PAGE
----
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Federalist Papers

The Federalist Papers are inconclusive as to the meaning of any of the Constitution's provisions.

Last Updated on August 20, 2022 by Constitutional Militia

Federalist Papers: Inconclusive as to the meaning of any constitutional provision.

Considering the tumultuous circumstances in which they found themselves, even the most prominent figures among the Framers and Founders did not necessarily think through and craft their statements about the Constitution as circumspectly (or perhaps as honestly) as they might have done had they been consciously writing “for the ages” in the quiescent solitude of their own libraries.

Even such an artfully composed compendium as The Federalist Papers contains veins of tendentious political propaganda and mutually conflicting passages that unfavorably distinguish it from an objective and even-handed academic analysis of the Constitution. For example, in:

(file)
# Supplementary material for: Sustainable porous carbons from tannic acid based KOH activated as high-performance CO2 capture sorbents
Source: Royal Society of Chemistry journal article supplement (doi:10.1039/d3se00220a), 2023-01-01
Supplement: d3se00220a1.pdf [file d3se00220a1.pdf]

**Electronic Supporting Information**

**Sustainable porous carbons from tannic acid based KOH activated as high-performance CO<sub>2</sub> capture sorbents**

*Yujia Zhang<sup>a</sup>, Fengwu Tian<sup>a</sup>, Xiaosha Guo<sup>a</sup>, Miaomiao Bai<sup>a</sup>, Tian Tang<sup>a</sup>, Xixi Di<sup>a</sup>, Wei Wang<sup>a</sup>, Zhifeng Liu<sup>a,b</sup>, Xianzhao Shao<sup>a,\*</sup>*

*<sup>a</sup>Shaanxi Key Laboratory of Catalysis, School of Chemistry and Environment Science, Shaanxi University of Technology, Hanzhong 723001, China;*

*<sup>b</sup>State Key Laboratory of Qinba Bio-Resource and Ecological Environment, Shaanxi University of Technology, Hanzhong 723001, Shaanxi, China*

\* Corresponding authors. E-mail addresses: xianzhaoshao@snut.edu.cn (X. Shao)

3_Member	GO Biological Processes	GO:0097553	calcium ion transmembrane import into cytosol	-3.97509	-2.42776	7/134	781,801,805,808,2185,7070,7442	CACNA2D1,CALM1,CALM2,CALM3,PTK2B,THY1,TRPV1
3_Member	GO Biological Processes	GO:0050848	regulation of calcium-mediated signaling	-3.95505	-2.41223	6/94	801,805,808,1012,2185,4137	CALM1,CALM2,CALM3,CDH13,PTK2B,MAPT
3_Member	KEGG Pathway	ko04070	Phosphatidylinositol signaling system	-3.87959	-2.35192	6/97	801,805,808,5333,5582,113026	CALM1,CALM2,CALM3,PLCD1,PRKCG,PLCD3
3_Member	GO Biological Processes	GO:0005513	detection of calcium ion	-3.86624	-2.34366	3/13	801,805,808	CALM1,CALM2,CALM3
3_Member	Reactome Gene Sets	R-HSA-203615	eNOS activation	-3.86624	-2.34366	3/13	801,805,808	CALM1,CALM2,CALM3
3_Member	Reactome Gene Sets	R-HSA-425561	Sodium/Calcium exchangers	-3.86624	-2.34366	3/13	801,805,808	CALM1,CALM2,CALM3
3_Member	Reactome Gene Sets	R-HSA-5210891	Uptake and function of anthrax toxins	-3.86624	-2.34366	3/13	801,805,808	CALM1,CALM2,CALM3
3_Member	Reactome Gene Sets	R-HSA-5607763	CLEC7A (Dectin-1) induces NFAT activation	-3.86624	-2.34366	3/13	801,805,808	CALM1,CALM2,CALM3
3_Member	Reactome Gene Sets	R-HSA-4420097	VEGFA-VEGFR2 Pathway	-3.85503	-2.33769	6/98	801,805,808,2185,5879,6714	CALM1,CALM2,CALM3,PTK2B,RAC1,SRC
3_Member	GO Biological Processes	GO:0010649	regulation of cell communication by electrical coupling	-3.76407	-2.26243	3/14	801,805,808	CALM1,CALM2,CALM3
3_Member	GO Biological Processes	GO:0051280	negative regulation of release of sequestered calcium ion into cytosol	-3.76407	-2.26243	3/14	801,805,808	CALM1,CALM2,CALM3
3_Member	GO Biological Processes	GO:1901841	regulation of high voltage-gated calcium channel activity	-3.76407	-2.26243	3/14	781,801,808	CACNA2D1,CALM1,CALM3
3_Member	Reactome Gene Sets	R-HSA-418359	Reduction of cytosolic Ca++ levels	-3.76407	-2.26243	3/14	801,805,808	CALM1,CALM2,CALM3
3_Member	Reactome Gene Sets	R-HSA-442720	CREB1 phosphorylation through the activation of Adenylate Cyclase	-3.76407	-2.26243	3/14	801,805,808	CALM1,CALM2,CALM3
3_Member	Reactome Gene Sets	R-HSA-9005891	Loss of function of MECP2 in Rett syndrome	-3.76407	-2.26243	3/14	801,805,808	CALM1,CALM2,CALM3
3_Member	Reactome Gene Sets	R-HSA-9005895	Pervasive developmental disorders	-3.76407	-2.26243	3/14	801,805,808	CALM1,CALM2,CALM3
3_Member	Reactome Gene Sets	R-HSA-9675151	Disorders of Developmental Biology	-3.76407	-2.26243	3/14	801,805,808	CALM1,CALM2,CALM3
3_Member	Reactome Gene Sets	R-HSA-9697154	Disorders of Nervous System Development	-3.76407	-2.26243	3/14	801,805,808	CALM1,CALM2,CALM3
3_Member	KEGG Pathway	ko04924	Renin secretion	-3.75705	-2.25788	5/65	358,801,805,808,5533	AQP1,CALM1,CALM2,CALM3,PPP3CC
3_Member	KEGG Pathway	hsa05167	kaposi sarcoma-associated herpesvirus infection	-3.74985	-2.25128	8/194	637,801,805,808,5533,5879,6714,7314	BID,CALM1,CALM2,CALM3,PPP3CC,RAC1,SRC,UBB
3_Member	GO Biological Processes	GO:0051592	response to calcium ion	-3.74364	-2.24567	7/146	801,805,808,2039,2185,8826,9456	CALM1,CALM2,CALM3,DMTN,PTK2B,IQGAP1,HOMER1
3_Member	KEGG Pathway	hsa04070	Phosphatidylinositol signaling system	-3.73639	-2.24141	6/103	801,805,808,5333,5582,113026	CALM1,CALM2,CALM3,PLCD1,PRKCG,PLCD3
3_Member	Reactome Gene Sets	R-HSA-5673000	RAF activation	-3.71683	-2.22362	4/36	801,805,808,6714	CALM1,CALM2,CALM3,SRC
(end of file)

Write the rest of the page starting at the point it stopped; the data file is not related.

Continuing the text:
In The Federalist No. 29, Alexander Hamilton attacked those opponents of the original Constitution who,

“apprehend[ed] danger from the militia itself in the hands of the federal government. It is observed that select corps may be formed, composed of the young and the ardent, who may be rendered subservient to the views of arbitrary power.”

Yet Hamilton himself, in that very paper, argued that [l]ittle more can reasonably be aimed at with respect to the people at large than to have them properly armed and equipped; and in order to see that this be not neglected, * * * to assemble them once or twice in the course of a year”—and then proposed that

“[t]he attention of the government ought particularly to be directed to the formation of a select corps of moderate size, upon such principles as will really fit it for service in case of need. By thus circumscribing the plan, it will be possible to have an excellent body of well-trained militia ready to take the field whenever the defense of the State shall require it.”